In comparison to the rest of the world, the U.S. is the fourth-ranked country for the highest percentage of people who give their time and money during the year, according to the CAF World Giving Index from 2018.
Last year was also the second time in history, according to Giving USA, the U.S. crossed the $400 billion mark for charitable giving with a total of more than $427 billion.
There can be many reasons why people have felt compelled to continue donating more and more funds, but Leslie Lenkowsky, professor of public and environmental affairs at IUPUI, said it is typically personal.
“People feel good when they are helping other people feel good, but giving can also give them a sense of identification,” Lenkowsky said. “If their family receives help from a charity, they are most likely to give back to that charity. Or if their friends are volunteering with an organization, they are more likely to join.”
Even though there are donating opportunities throughout the year, many more giving programs arise during the holiday season including the Salvation Army’s Angel Tree and Toys for Tots.
“All of the major religious traditions emphasize giving during this time of year, and they have been recurring for hundreds of years,” Lenkowsky said. “Charities also tend to do more fundraising at this time of year because they know people will respond. At the end of the year, most people begin to realize that they did better than they thought with money that year, so they have the funds to give a little bit more.”
When choosing which organizations to donate time and money to, it has been found that each age group has different preferences. Millennials — 22-37 year olds — contribute more to work-sponsored initiatives and online fundraisers, Generation Xers — 38-53 year olds — often fundraise on their own for a cause or organization and Baby Boomers — 54-72 year olds — make recurring donations to the same event or organization, according to Nonprofits Source, an online marketing agency for nonprofits.
In 2001, Lenkowsky joined Americorps — a voluntary civil society supported by the U.S. government — under President George Bush and helped create the first survey of volunteering. When the first results were collected in 2003, the rate of volunteering was lower for 18-25 year olds than for any other age group.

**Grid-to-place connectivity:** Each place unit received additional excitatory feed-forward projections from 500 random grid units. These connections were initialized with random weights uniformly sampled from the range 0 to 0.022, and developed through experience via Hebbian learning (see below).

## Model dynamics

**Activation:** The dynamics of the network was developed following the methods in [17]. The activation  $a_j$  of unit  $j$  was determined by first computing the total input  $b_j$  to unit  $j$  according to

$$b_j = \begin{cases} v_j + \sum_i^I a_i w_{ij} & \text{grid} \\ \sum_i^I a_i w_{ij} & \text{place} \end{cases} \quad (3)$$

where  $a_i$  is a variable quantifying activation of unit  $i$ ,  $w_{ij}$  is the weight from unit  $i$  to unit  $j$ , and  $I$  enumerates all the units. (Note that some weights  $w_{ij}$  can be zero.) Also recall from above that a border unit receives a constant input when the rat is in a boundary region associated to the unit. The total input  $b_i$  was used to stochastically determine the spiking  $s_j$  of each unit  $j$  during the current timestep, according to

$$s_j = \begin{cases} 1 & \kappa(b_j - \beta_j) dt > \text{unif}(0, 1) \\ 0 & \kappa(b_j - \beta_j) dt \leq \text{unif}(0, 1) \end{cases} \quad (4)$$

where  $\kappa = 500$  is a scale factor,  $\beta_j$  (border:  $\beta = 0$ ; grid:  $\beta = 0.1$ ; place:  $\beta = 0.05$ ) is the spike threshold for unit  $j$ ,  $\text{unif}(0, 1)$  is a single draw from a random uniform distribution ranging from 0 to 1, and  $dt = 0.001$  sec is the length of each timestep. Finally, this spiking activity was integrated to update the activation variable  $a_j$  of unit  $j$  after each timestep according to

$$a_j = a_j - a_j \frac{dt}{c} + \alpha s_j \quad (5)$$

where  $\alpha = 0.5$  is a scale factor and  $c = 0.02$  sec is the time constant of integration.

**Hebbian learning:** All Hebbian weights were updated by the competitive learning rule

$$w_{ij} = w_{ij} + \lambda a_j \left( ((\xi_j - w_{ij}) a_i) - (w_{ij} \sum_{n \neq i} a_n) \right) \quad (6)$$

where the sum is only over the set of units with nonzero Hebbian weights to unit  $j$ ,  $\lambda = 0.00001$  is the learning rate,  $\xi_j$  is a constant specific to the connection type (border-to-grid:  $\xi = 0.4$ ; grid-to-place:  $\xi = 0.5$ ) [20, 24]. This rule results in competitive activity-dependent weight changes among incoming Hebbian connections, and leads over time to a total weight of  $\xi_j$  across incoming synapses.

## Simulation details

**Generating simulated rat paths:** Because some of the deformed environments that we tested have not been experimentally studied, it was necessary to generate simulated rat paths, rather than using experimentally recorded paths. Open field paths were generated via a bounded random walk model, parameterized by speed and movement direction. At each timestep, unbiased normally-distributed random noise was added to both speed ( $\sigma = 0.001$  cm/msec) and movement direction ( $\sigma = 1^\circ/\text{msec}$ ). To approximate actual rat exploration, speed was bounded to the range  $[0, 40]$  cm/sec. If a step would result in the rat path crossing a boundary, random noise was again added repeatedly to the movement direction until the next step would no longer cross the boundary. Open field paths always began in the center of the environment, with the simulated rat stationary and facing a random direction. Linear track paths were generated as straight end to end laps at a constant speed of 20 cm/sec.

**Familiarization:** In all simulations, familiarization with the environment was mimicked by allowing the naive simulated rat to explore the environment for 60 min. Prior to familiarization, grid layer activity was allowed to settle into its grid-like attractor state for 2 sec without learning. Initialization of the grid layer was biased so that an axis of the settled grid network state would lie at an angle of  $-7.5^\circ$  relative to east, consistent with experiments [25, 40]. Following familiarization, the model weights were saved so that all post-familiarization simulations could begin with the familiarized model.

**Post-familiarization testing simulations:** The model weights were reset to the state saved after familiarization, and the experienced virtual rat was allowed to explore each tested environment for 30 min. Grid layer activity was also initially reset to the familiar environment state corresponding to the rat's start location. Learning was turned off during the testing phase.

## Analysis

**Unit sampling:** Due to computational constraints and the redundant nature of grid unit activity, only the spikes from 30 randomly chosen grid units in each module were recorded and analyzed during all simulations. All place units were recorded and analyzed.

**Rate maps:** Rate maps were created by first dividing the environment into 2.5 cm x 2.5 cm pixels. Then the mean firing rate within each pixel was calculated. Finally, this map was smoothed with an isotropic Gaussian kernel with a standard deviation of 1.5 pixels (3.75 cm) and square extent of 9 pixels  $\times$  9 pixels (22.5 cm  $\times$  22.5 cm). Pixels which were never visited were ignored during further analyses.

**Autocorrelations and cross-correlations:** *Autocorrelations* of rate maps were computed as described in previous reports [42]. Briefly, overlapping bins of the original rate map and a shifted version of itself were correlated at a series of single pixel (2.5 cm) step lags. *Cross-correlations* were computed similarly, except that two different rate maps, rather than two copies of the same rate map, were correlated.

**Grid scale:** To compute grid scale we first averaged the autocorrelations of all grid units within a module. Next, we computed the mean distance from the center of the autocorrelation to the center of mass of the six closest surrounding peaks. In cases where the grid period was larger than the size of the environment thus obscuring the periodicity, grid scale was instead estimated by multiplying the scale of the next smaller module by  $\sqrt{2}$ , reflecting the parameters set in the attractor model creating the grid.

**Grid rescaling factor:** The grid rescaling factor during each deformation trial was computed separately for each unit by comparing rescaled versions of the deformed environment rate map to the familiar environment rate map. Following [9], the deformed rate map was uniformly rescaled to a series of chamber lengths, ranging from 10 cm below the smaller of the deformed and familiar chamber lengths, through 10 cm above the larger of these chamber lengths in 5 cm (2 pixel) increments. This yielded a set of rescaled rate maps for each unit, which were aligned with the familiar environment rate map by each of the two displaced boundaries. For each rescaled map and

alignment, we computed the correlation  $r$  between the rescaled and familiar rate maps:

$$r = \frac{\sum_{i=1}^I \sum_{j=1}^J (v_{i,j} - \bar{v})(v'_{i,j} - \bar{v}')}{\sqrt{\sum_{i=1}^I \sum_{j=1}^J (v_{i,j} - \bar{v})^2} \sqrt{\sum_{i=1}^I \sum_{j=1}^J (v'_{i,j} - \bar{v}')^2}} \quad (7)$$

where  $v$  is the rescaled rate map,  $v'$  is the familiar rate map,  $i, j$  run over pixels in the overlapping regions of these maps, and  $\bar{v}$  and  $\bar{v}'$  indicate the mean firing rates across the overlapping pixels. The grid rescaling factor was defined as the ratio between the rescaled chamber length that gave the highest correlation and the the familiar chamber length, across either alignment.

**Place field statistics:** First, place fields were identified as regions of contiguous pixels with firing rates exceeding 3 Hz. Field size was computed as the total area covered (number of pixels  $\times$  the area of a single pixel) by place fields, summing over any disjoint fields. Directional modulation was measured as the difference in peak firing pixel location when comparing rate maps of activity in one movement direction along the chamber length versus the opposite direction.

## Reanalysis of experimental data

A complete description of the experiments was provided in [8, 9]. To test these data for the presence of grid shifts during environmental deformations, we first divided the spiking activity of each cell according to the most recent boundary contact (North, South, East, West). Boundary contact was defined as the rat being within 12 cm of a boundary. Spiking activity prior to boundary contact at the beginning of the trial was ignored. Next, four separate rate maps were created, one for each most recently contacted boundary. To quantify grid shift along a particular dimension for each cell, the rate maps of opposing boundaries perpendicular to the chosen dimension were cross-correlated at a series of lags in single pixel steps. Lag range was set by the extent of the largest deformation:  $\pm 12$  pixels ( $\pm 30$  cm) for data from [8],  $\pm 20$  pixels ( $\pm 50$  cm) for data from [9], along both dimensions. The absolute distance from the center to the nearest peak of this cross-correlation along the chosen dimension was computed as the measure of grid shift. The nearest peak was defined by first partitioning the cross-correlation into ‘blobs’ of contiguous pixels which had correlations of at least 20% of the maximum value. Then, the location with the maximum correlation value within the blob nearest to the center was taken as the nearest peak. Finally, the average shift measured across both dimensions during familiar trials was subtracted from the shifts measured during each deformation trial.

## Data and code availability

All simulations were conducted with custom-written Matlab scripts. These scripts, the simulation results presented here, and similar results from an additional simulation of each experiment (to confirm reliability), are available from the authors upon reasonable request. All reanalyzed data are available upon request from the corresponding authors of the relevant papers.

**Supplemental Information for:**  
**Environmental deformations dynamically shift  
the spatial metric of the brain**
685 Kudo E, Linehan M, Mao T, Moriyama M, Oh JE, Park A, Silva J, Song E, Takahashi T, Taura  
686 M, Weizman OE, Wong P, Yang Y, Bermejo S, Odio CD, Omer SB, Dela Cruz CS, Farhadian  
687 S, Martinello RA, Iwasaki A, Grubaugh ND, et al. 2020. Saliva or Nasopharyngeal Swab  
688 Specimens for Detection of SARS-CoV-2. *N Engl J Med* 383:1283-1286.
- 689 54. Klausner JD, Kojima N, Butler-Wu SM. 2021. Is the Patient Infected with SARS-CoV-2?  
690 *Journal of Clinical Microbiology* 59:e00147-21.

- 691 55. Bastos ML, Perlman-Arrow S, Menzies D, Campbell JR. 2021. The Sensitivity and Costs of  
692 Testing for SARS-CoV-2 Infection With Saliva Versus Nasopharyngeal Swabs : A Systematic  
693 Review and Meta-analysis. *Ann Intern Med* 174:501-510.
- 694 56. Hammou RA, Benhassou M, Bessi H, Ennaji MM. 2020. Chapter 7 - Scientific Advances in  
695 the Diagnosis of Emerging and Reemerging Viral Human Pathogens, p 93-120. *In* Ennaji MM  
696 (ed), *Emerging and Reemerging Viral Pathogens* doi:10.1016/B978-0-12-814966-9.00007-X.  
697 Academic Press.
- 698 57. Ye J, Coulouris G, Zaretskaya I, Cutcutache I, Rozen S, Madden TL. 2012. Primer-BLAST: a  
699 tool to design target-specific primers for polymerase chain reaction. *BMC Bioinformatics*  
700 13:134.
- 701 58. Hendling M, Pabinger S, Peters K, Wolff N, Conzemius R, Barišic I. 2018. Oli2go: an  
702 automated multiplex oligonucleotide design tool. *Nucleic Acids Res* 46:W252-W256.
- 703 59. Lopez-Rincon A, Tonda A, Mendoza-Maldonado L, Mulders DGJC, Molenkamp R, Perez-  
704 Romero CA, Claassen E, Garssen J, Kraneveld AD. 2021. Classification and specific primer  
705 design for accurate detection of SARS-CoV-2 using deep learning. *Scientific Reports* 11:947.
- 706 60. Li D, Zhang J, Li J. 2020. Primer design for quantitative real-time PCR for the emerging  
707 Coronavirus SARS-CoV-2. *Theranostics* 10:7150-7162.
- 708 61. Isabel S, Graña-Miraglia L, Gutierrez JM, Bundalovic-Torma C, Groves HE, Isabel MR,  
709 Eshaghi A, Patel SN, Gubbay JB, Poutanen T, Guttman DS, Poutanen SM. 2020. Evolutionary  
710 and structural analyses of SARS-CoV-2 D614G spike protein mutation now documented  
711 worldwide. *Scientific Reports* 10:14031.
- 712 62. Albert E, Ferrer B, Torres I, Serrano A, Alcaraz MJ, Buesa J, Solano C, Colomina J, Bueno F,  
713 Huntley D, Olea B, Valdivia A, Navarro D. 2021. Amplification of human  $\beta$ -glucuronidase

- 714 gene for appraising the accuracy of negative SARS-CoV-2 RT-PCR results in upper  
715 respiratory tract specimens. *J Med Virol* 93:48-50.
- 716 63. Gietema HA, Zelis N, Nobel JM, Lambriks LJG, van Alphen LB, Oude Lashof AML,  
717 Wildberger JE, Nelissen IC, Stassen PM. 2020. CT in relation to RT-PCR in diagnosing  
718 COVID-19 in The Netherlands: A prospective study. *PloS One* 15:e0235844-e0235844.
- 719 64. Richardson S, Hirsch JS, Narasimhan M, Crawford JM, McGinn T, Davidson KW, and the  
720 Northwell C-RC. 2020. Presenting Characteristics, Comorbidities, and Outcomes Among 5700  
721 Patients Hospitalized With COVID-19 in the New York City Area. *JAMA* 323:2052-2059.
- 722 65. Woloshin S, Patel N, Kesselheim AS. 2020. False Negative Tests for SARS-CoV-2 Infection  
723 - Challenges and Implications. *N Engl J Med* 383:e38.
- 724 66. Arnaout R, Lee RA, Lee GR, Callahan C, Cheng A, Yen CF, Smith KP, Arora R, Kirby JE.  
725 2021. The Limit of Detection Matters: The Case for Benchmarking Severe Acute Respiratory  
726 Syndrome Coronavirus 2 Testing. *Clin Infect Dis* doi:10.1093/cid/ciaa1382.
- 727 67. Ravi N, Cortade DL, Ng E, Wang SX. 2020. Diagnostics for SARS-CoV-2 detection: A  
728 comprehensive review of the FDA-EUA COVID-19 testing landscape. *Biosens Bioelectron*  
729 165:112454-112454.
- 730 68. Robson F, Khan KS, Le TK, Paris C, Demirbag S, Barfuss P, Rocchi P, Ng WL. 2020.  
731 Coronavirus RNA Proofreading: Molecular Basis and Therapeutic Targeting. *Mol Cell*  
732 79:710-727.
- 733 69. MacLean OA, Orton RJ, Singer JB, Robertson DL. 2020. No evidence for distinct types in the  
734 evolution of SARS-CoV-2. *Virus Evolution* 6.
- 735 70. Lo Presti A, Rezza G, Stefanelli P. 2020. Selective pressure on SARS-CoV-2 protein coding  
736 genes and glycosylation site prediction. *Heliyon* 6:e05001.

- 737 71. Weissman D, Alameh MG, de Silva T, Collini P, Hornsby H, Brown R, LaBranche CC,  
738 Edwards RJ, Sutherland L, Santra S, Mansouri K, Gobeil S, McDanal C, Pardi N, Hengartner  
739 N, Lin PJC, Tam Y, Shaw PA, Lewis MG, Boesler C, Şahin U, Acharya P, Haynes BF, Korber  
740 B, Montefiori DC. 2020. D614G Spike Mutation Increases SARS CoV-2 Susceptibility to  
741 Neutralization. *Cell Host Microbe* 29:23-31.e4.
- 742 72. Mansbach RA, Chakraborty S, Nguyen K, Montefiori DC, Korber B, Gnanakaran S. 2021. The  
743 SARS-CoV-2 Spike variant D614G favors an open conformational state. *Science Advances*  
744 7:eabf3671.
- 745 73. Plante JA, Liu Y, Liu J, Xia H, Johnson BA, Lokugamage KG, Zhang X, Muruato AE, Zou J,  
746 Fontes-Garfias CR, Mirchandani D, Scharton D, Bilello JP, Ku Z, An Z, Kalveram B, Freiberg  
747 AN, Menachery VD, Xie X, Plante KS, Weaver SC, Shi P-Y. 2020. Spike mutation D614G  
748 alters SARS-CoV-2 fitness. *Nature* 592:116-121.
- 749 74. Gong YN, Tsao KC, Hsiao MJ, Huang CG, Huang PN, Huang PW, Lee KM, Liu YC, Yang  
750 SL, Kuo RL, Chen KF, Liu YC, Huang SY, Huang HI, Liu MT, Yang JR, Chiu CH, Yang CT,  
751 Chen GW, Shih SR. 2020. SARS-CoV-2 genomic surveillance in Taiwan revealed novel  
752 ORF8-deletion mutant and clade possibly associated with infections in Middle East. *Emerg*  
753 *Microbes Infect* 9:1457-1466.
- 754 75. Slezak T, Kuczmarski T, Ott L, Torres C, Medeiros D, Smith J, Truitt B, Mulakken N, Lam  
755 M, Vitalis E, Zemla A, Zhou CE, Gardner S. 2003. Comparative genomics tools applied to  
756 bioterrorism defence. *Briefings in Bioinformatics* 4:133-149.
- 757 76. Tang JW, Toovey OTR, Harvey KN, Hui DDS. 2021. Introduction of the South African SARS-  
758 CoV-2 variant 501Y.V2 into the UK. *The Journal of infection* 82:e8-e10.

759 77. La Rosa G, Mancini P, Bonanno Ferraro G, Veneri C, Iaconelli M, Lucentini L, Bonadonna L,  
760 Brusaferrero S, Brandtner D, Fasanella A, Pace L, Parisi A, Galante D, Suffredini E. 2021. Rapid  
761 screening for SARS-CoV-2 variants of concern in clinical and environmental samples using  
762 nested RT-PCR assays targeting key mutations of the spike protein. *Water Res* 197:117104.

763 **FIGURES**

“Young people have not yet developed the habit of volunteering,” Lenkowsky said. “But we did find that people who went to college are more likely to volunteer than those who didn’t. We also found that after someone reaches the age of 30, they start to become more active in volunteering because they are getting married and getting more connected in their communities than they may have been before.”
For Ball State junior English major Kennedy Row, giving is an emotional act because she “wants to bless other families and shine the light of Jesus.”
Each year, her family helps make Christmas dinner boxes filled with ham, canned goods and rolls for low-income families in her town.
“I try to give year round, but Christmas is the only time I don’t give monetarily,” Row said. “Giving makes me feel good because I know I’m making a small difference, not just with what I’m giving, but also with the time I spend actually talking with these people.”
Row said she continues to fill the dinner boxes with her family because they have done so since she was a kid, but for students who aren’t sure how to volunteer, Ball State offers many opportunities for holiday giving including the Student Voluntary Services’ (SVS) version of Angel Tree.
Within SVS’s program, students can choose to donate either their time or their money by sponsoring a child with a gift or helping wrap all of the donations that are received.
Ball State also offers programs for those who have the funds to donate. During the 2019 fiscal giving year — donations given between July 1, 2018, and June 30, 2019 — more than 24,000 people gave a monetary gift to Ball State, 1,000 of which were faculty and staff members, according to Lola Mauer, associate vice president of strategy & advancement services for the Ball State Foundation.
Overall, many people give because it makes them feel like they have done their part and done what they could to give back to the community, Mauer said.
“I think in essence alumni and friends give to Ball State because they believe in making an investment in their classmates and students,” Mauer said. “The university is one to watch; we are consistently graduating scholars who change their communities and the world.
“I believe in giving back to Ball State because Ball State gave so much to me, and I want to ensure students have those same (and better) opportunities. I see the impact of my gift every day in the faces of the students and in how much Ball State shines on a global scale. I’m proud to be a Cardinal.”
Contact Tier Morrow with comments at firstname.lastname@example.org or on Twitter @tiermorrow.